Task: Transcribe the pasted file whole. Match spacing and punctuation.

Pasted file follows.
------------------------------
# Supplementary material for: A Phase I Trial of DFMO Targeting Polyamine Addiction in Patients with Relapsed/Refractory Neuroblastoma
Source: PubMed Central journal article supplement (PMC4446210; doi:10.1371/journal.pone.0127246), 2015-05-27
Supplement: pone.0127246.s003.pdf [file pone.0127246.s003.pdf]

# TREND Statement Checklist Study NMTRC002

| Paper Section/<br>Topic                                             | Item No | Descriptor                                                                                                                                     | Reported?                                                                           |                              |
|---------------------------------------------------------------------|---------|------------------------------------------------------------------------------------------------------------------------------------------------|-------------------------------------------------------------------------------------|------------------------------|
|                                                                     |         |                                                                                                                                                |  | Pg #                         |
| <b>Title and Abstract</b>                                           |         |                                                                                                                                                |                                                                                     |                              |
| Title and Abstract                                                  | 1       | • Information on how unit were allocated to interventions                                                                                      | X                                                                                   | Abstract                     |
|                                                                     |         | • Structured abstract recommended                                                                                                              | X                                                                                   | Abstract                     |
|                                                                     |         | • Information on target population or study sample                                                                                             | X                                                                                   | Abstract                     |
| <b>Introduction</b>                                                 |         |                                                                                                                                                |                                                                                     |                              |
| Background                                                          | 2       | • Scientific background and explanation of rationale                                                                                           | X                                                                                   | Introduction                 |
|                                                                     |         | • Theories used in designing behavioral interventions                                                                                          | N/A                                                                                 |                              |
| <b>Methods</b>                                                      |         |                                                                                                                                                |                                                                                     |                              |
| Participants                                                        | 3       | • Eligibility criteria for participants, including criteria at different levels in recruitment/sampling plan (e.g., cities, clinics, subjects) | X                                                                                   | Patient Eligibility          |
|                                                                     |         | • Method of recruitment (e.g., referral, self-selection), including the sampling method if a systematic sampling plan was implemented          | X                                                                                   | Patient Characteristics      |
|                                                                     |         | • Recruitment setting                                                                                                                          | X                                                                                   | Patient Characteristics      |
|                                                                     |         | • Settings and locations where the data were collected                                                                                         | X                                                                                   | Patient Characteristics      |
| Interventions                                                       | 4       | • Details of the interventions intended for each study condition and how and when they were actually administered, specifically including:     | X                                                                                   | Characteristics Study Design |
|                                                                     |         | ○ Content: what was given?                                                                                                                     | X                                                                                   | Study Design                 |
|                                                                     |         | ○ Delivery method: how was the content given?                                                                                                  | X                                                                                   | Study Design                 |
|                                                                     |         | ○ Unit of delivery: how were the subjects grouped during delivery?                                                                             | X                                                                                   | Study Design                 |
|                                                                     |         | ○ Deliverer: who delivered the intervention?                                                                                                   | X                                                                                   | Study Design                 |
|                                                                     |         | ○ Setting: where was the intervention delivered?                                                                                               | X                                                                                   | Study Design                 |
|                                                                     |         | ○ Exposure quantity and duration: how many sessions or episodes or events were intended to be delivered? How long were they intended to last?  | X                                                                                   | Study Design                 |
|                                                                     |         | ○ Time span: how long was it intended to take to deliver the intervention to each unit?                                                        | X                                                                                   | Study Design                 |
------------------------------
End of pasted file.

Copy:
# Supplementary material for: A Phase I Trial of DFMO Targeting Polyamine Addiction in Patients with Relapsed/Refractory Neuroblastoma
Source: PubMed Central journal article supplement (PMC4446210; doi:10.1371/journal.pone.0127246), 2015-05-27
Supplement: pone.0127246.s003.pdf [file pone.0127246.s003.pdf]

# TREND Statement Checklist Study NMTRC002

| Paper Section/<br>Topic                                             | Item No | Descriptor                                                                                                                                     | Reported?                                                                           |                              |
|---------------------------------------------------------------------|---------|------------------------------------------------------------------------------------------------------------------------------------------------|-------------------------------------------------------------------------------------|------------------------------|
|                                                                     |         |                                                                                                                                                |  | Pg #                         |
| <b>Title and Abstract</b>                                           |         |                                                                                                                                                |                                                                                     |                              |
| Title and Abstract                                                  | 1       | • Information on how unit were allocated to interventions                                                                                      | X                                                                                   | Abstract                     |
|                                                                     |         | • Structured abstract recommended                                                                                                              | X                                                                                   | Abstract                     |
|                                                                     |         | • Information on target population or study sample                                                                                             | X                                                                                   | Abstract                     |
| <b>Introduction</b>                                                 |         |                                                                                                                                                |                                                                                     |                              |
| Background                                                          | 2       | • Scientific background and explanation of rationale                                                                                           | X                                                                                   | Introduction                 |
|                                                                     |         | • Theories used in designing behavioral interventions                                                                                          | N/A                                                                                 |                              |
| <b>Methods</b>                                                      |         |                                                                                                                                                |                                                                                     |                              |
| Participants                                                        | 3       | • Eligibility criteria for participants, including criteria at different levels in recruitment/sampling plan (e.g., cities, clinics, subjects) | X                                                                                   | Patient Eligibility          |
|                                                                     |         | • Method of recruitment (e.g., referral, self-selection), including the sampling method if a systematic sampling plan was implemented          | X                                                                                   | Patient Characteristics      |
|                                                                     |         | • Recruitment setting                                                                                                                          | X                                                                                   | Patient Characteristics      |
|                                                                     |         | • Settings and locations where the data were collected                                                                                         | X                                                                                   | Patient Characteristics      |
| Interventions                                                       | 4       | • Details of the interventions intended for each study condition and how and when they were actually administered, specifically including:     | X                                                                                   | Characteristics Study Design |
|                                                                     |         | ○ Content: what was given?                                                                                                                     | X                                                                                   | Study Design                 |
|                                                                     |         | ○ Delivery method: how was the content given?                                                                                                  | X                                                                                   | Study Design                 |
|                                                                     |         | ○ Unit of delivery: how were the subjects grouped during delivery?                                                                             | X                                                                                   | Study Design                 |
|                                                                     |         | ○ Deliverer: who delivered the intervention?                                                                                                   | X                                                                                   | Study Design                 |
|                                                                     |         | ○ Setting: where was the intervention delivered?                                                                                               | X                                                                                   | Study Design                 |
|                                                                     |         | ○ Exposure quantity and duration: how many sessions or episodes or events were intended to be delivered? How long were they intended to last?  | X                                                                                   | Study Design                 |
|                                                                     |         | ○ Time span: how long was it intended to take to deliver the intervention to each unit?                                                        | X                                                                                   | Study Design                 |